Some of the interest you pay on your mortgage, loans, or credit cards may be deductible on your tax return. Whether interest is deductible depends on how you use the money you borrow. Interest you pay on money used to generate income may be deductible if it meets the Canada Revenue Agency criteria. You have to keep track of how you spend the money so you can deduct the corresponding interest amounts.

Borrowing to Earn Income

The Interest you pay on money you borrow to earn investment income that pays out interests and dividends are deductible in Line 22100 of your Income Tax and Benefit Return. If you are paying interest on money borrowed to generate business income, then you can deduct them as business expenses in Line 8760 of your T2125 (Statement of Business and Professional Activities).

Interests paid on a mortgage cannot be deducted unless this mortgage is paid on a property that is used for business. Then you will be able to deduct the business use portion only.


Business Income

When you operate a business, you often have to borrow money to buy equipment, support operations or finance expansion. You may take up a line of credit, get a loan or put expenses on your credit cards. You can deduct the interest charged on these funds from the business income, and if the business takes a loss, from any other income you may have. All interest your business pays to finance its operations is usually deductible.

Investment Income

If you use borrowed money to buy investments, the interest may be deductible. As long as your investments generate income such as dividends or interest, or if you have a reasonable expectation that they will generate income, you can deduct the interest on your loan from your total income. Capital gains are not income for the purposes of this deduction. If you borrow to invest only in shares that don’t pay dividends and rely on capital gains to make money, the interest is not deductible.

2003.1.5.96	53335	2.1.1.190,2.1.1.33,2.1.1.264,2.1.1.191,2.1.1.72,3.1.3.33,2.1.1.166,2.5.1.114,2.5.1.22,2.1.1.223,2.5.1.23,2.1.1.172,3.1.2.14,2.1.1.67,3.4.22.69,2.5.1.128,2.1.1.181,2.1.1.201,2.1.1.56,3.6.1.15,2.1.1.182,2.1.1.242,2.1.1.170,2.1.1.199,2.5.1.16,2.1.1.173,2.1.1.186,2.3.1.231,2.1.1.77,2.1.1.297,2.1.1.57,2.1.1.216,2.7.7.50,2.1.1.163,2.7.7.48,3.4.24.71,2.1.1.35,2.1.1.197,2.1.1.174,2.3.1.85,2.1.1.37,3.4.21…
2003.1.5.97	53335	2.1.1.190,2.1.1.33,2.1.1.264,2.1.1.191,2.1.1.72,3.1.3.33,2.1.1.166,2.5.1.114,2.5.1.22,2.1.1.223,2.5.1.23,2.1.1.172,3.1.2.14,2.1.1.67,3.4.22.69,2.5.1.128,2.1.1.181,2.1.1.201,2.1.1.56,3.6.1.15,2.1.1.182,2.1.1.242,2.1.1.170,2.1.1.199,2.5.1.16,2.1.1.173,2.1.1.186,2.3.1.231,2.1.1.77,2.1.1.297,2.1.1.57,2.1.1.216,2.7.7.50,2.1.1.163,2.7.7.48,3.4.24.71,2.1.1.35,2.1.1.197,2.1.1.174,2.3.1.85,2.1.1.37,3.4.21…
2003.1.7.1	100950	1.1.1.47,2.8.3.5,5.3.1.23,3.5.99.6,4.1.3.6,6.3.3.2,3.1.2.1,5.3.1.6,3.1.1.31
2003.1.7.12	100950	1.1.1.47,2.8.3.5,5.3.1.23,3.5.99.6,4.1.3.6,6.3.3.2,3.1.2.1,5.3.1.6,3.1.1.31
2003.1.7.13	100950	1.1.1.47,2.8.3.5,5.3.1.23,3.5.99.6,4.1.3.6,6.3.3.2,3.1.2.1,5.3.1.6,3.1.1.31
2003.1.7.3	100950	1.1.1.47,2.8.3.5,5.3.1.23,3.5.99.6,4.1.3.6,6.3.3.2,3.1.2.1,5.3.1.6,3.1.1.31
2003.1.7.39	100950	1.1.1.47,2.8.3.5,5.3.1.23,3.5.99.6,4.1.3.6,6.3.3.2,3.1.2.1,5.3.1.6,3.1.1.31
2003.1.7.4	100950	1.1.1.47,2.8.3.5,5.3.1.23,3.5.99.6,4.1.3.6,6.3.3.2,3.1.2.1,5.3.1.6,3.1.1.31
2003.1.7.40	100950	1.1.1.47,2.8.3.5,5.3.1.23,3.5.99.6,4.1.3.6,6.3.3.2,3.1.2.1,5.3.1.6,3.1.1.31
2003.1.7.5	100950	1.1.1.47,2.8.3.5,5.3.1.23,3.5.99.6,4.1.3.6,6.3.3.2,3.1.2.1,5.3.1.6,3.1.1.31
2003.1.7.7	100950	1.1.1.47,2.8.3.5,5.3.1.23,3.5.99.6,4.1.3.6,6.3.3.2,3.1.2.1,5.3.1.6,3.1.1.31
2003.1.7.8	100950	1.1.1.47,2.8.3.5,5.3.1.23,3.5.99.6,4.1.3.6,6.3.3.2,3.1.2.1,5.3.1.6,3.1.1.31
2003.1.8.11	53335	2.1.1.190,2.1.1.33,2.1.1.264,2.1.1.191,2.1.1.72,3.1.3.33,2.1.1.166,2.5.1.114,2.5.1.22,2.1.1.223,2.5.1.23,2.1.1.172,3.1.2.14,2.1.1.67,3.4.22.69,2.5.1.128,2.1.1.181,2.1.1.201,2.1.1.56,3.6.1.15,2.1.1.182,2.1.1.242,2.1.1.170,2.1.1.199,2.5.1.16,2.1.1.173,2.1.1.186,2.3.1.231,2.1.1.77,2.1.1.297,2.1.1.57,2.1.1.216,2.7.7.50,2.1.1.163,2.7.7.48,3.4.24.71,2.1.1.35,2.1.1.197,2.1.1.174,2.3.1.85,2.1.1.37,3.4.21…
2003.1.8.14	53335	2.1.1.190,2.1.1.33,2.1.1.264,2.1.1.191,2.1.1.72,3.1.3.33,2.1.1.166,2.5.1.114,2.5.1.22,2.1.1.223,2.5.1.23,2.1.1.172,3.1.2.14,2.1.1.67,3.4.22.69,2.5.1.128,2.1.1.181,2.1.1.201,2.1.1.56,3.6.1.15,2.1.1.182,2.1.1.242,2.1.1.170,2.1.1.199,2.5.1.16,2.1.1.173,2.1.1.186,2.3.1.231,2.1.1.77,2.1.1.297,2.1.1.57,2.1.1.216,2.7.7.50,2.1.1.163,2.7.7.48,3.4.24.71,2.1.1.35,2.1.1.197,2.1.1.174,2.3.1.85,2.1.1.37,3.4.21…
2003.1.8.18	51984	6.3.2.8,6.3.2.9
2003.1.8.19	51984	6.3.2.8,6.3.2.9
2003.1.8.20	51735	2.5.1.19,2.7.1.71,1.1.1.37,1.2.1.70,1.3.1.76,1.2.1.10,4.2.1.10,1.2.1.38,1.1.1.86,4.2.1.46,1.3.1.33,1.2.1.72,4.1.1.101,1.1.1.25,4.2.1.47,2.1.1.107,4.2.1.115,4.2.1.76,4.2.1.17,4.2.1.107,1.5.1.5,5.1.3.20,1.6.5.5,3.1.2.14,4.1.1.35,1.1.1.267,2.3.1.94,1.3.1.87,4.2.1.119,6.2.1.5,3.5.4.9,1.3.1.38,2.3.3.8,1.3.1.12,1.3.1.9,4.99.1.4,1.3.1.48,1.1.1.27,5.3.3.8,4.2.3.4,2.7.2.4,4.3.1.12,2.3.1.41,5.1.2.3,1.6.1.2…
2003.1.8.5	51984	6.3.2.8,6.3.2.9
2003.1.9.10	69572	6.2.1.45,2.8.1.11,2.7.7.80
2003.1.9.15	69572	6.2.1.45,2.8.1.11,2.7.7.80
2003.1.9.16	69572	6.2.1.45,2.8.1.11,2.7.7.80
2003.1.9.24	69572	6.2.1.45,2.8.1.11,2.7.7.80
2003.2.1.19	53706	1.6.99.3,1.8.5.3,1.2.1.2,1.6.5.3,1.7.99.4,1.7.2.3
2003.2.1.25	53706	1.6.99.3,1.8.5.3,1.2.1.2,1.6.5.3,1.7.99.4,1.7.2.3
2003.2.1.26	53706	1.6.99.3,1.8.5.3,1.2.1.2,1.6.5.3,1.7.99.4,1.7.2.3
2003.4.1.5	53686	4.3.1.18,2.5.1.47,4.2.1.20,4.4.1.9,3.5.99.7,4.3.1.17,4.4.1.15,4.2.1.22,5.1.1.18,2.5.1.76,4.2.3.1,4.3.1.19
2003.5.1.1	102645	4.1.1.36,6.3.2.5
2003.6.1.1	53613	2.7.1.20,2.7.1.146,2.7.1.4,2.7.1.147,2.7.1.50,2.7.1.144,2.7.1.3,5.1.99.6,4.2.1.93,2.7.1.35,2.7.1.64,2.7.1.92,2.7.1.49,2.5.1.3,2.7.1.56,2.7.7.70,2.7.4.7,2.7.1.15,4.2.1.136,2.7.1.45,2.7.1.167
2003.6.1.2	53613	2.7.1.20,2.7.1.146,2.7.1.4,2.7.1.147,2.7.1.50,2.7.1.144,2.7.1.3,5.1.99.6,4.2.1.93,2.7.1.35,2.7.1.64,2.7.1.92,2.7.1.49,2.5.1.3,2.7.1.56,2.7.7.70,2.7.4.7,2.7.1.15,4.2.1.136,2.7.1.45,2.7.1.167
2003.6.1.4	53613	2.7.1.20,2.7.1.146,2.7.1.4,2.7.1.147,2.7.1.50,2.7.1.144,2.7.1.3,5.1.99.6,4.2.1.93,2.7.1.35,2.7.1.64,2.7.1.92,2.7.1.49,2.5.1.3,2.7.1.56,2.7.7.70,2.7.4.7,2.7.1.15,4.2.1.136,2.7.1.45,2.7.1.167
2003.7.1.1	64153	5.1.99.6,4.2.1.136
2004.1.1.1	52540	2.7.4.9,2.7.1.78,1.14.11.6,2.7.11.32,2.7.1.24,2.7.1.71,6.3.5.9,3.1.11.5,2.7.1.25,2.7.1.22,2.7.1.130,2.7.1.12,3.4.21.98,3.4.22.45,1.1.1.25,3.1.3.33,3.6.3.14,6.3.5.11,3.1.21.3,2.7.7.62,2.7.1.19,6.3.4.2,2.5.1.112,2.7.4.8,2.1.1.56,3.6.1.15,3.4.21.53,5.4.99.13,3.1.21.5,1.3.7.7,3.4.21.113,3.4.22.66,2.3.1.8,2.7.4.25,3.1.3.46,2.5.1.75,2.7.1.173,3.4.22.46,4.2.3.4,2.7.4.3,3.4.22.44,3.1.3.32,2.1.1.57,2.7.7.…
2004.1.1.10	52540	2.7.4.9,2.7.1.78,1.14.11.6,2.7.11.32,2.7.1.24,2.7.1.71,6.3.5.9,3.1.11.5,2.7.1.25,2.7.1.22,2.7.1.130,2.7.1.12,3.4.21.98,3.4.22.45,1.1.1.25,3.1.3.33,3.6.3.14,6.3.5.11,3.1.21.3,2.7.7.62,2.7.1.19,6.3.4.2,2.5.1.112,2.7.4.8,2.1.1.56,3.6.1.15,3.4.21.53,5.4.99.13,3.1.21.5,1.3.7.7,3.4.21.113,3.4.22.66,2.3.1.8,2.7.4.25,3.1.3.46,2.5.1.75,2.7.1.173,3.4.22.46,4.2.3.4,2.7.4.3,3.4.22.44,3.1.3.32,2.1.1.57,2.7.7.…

Income From Properties

Interest on a mortgage you use to buy a property is deductible if you generate rental income from the property. Even if you live in the property, as long as you rent out part of it, part of the interest is deductible. When you sell the property and use the proceeds to pay off the loan, you no longer have any interest to deduct, but if you sell at a loss and you can’t pay off all of the loan, the remaining interest remains deductible even though you no longer own the property.

Keeping Records

The most important part of deducting interest is keeping records to prove that you used the borrowed money to produce income. You have to keep receipts or cancelled cheques to show that you used the money from a loan in your business or to buy bonds or shares. For credit card debt, it’s a good idea to keep one card just for business expenses. The statements can be used to deduct all the interest that accumulates on that card.

Maximizing Deductible Interest

You can reduce your taxes by making sure that you use cash for personal purposes and loans for producing income. For example, if you have cash available and want to invest some money, it’s a good idea to use the cash to pay down credit cards or personal loans and then borrow an equivalent amount for your investments. You reduce the amount of interest you pay on personal credit cards and loans and replace it with the interest you pay on investment loans. You can then deduct the interest on the money borrowed for your investments and reduce your overall taxes.

References & Resources

CRA: Interest Deductibility and Related Issues